The Drawing of the Three begins roughly seven hours after Roland's confrontation with Marten in the bony golgotha at the end of The Gunslinger. At the very beginning of the book, we sense there is something different. There has been a shift in tone, less sparse than that of the previous novel. There is a certain richness in description and action, which seems appropriate for the volume which follows. In The Gunslinger, Roland is travelling mostly alone, save for the presance of the doomed boy Jake. Now, he will draw three, as told by the prophecies of first the Oracle and then Marten himself.
Before he can draw the three, however, Roland awakens by the edge of the beach, in pain and wet. Things which become known as lobstrosities subtract two fingers and one toe from the gunslinger, and the tide wets his bullets, rendering many of them duds. As an added twist, venom from the lobstrosities' bites make Roland very sick, and if he doesn't get medicine soon, he will die.
He trudges north along the beach until he comes to a free- standing door. On the door are written the words The Prisoner. Roland opens it, enters it, and finds himself posessing the mind of Eddie Dean, a heroin junkie from the city of New York, mid-1980's.
Eddie and Roland are forced to work together, for time is short for both of them. Eddie's life revolves around two things: his drug addiction and his obsessive love for his brother Henry. After a series of harrowing trials, both the gunslinger and Eddie find themsleves in the middle of a violent shootout (reminiscant of that in Tull in the first book.) After Eddie dscovers his brother is dead, he discovers he has no reason to live in this world, and joins Roland on the other side with enough medicine to bring Roland's fever down substancially -- but not entirely.
The second door they come to is titled The Lady of Shadows. Here, Roland enters the mind of a schizophrenic woman who is not even aware she has two seperate personalities: Odetta Holmes, a rich urban black woman who is active with the Civil Rights movement, and Detta Walker (ironically named), a racist, violent woman who hates all whites and everything that belongs to or stands for the "honk mahfahs." Both personalities share the same brutal fact: the are legless from just above the knees. As Odetta explains to Eddie (when she is Odetta), someone pushed her in front of a moving subway train years ago, severing her legs and condemning her to a wheelchair. What they also learn is that when she was five, someone dropped a brick on Odetta's head, which seems to be the cause of her schizoid personality.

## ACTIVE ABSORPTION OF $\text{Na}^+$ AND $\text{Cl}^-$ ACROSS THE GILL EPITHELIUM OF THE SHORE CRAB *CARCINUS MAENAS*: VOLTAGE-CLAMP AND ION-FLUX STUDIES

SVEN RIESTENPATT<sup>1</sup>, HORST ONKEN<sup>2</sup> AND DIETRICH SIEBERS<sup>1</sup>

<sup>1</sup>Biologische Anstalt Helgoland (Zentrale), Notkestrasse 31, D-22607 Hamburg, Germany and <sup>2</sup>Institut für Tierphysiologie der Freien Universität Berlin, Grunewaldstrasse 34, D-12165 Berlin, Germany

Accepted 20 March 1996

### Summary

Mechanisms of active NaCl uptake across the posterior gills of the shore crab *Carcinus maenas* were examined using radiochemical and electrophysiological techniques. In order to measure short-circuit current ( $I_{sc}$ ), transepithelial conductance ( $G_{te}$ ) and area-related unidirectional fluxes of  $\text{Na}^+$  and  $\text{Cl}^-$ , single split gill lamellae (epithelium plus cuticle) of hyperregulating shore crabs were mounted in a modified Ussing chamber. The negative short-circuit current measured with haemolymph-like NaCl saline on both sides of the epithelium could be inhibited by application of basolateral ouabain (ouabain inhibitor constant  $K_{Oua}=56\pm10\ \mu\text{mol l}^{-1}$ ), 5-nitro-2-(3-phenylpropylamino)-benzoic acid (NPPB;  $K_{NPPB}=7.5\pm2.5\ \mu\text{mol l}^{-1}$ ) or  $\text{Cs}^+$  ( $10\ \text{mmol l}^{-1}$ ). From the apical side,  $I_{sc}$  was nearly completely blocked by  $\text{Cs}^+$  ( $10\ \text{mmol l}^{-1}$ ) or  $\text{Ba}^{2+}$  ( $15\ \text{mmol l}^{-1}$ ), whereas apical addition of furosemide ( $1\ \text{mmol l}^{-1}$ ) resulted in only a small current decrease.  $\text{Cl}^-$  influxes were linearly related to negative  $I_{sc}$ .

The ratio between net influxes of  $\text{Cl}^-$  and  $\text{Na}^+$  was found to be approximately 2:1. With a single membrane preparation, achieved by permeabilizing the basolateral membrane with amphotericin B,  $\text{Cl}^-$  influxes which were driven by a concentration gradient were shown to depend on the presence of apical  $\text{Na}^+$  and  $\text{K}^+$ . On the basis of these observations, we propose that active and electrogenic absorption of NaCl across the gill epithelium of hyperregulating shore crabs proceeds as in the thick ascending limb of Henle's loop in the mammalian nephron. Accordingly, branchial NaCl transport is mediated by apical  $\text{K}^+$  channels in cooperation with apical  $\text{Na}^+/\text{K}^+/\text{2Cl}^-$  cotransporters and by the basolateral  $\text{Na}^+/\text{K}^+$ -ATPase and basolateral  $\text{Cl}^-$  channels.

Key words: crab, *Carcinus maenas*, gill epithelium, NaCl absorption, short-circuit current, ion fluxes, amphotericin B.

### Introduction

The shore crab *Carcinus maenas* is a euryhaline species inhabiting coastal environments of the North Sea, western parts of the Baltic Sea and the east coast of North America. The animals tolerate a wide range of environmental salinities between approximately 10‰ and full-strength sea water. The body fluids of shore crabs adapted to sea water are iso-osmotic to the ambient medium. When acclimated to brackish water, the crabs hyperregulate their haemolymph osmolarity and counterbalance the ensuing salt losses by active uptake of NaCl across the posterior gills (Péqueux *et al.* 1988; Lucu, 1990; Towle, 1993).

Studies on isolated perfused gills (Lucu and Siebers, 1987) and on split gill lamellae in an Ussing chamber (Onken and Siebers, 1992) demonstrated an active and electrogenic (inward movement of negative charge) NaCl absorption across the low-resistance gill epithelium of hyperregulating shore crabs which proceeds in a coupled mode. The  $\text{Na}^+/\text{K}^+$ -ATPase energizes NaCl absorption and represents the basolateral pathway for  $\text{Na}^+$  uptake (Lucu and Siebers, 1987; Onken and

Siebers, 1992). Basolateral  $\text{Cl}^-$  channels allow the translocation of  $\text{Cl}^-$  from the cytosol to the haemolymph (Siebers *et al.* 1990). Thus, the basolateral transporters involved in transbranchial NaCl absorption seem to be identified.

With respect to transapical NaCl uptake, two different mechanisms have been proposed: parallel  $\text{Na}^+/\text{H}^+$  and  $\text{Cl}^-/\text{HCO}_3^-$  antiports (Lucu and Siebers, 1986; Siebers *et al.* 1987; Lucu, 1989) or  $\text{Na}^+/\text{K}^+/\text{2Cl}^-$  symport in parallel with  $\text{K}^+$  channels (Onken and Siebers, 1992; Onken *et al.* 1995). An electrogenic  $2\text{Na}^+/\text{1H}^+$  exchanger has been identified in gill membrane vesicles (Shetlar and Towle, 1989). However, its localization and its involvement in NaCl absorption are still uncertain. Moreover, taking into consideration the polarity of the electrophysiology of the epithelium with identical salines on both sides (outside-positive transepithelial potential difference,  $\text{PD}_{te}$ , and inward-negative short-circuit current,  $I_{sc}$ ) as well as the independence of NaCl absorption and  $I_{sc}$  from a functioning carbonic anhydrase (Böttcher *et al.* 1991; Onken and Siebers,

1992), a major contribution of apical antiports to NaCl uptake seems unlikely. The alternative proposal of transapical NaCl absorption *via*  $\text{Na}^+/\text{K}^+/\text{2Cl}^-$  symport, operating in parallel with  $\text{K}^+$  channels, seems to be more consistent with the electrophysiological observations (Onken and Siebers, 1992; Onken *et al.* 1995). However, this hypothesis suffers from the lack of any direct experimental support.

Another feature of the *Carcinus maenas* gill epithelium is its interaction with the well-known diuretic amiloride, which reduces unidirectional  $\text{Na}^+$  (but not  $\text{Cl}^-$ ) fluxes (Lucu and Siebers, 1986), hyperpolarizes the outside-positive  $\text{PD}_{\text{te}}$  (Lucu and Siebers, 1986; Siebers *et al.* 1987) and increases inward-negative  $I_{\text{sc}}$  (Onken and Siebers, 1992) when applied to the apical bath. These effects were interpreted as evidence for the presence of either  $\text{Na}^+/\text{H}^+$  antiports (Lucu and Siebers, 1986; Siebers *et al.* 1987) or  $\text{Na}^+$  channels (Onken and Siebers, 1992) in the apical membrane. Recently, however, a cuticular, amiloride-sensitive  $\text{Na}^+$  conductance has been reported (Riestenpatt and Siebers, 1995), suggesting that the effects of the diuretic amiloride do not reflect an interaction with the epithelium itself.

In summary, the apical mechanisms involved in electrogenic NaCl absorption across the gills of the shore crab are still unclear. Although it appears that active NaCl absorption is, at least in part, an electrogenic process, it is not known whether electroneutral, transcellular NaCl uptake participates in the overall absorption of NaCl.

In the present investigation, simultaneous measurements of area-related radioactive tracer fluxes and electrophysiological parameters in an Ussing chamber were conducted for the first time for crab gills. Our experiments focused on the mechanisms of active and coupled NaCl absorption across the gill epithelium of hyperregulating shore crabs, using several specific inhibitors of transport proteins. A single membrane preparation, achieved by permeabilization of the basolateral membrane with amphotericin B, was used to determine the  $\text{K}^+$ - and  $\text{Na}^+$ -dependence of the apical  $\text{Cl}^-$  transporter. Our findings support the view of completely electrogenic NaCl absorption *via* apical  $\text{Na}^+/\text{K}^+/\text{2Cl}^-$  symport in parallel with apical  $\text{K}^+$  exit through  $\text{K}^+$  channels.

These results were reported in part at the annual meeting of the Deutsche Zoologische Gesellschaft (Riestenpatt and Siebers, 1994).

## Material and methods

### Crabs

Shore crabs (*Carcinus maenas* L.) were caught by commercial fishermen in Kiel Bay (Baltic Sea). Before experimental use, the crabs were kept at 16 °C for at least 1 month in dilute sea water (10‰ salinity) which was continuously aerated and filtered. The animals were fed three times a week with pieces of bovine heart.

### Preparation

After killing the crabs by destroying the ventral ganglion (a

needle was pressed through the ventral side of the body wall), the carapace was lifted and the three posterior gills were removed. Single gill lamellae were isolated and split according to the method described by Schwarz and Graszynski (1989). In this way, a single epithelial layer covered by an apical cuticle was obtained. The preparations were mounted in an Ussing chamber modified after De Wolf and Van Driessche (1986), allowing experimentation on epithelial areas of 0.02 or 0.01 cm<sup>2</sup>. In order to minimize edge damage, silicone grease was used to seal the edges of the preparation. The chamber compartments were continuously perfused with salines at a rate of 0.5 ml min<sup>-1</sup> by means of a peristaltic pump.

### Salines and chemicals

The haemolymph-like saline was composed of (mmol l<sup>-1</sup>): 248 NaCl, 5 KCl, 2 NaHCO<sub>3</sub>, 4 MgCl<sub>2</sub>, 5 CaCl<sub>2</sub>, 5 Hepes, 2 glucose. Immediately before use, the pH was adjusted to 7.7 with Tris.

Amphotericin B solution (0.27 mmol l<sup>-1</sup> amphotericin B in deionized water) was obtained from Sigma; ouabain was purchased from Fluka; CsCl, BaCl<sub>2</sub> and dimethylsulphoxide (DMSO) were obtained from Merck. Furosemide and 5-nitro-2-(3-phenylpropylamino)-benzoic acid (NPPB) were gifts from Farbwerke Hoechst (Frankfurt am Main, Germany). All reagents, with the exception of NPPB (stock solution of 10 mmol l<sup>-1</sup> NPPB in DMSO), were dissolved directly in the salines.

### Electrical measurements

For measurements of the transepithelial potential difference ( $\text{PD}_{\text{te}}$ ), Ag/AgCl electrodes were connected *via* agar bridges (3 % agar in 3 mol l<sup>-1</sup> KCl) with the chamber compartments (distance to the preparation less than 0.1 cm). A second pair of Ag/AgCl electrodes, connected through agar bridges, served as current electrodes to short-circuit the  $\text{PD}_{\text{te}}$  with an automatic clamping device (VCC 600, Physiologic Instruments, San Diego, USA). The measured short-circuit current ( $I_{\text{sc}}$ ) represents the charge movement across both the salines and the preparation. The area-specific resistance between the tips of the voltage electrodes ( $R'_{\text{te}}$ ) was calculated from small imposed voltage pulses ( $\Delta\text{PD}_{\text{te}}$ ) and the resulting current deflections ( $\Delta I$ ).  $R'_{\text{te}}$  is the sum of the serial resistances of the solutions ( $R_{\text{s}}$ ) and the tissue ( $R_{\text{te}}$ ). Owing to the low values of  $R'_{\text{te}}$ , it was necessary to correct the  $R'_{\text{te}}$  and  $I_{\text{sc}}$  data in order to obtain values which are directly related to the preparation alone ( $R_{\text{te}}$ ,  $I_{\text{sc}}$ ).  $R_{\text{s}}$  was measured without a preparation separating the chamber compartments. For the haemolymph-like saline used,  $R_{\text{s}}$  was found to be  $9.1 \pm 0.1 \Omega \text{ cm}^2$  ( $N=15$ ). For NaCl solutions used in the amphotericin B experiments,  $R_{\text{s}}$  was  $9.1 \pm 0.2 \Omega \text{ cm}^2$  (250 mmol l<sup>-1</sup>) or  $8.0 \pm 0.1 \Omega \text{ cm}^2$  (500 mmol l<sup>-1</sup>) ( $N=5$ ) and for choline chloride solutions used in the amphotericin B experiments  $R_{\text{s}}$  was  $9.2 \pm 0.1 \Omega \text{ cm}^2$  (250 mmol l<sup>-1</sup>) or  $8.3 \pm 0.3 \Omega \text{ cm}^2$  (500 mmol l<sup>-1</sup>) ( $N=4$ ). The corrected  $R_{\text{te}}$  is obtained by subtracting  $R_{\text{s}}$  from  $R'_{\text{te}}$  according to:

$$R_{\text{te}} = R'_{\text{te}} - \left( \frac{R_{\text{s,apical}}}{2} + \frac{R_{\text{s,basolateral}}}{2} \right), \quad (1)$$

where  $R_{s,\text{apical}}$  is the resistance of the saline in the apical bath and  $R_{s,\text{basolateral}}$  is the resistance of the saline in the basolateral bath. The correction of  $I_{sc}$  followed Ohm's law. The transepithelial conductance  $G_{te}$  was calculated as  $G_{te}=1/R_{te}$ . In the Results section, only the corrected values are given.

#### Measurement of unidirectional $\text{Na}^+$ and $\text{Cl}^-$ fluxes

Odetta/Detta causes her own problems for the two men, slowing down their progress as they travel toward the third door. She is Detta long enough for them to fear and distrust her, but she is also Odetta long enough fro she and Eddie to fall in love with one another.
The third door does no read Death, as prophecized, but The Pusher, a word that has hideous dual meanings for both Eddie and Odetta. As Roland enters it, he finds himself in the mind of Jack Mort, a serial killer who likes to push. When Roland enters him, he sees that Mort is about to commit the act that precludes much of the action in The Gunslinger, pushing the boy Jake in front of a car. In the first book, this act birthed Jake into Roland's world, but the gunslinger finds he cannot take part in the boy's death again, and he stops Mort from killing Jake. The dark paradox this creates is not fully examined until the third book, The Wastelands. For now, Roland is more occupied with three things: one, getting medicine. Two, getting good shells for his guns. And three, the disturbing not-coincidence that Jack Mort is the man who both dropped the brick on Odetta's head and pushed her in front of that subway.
Roland completes his first two tasks, and then delivers Mort into the very subway in which he pushed Odetta. At the last moment before he send Mort to his death, he looks back at the door to his world and forces Detta and Odetta to see one another. Her third, a merging of personalities named Suzannah Dean, is drawn.
The Drawing of the Three is the best of the Dark Tower novels so far. It is replete with a action and suspense, as well as enough mystical intertwinings of lives to make one's head spin. Although very little actual travelling is done in this one, it is much more complete and satisfying than the first, and moves the story into a realm which we welcome and look forward to reading more about.
And the Tower is closer.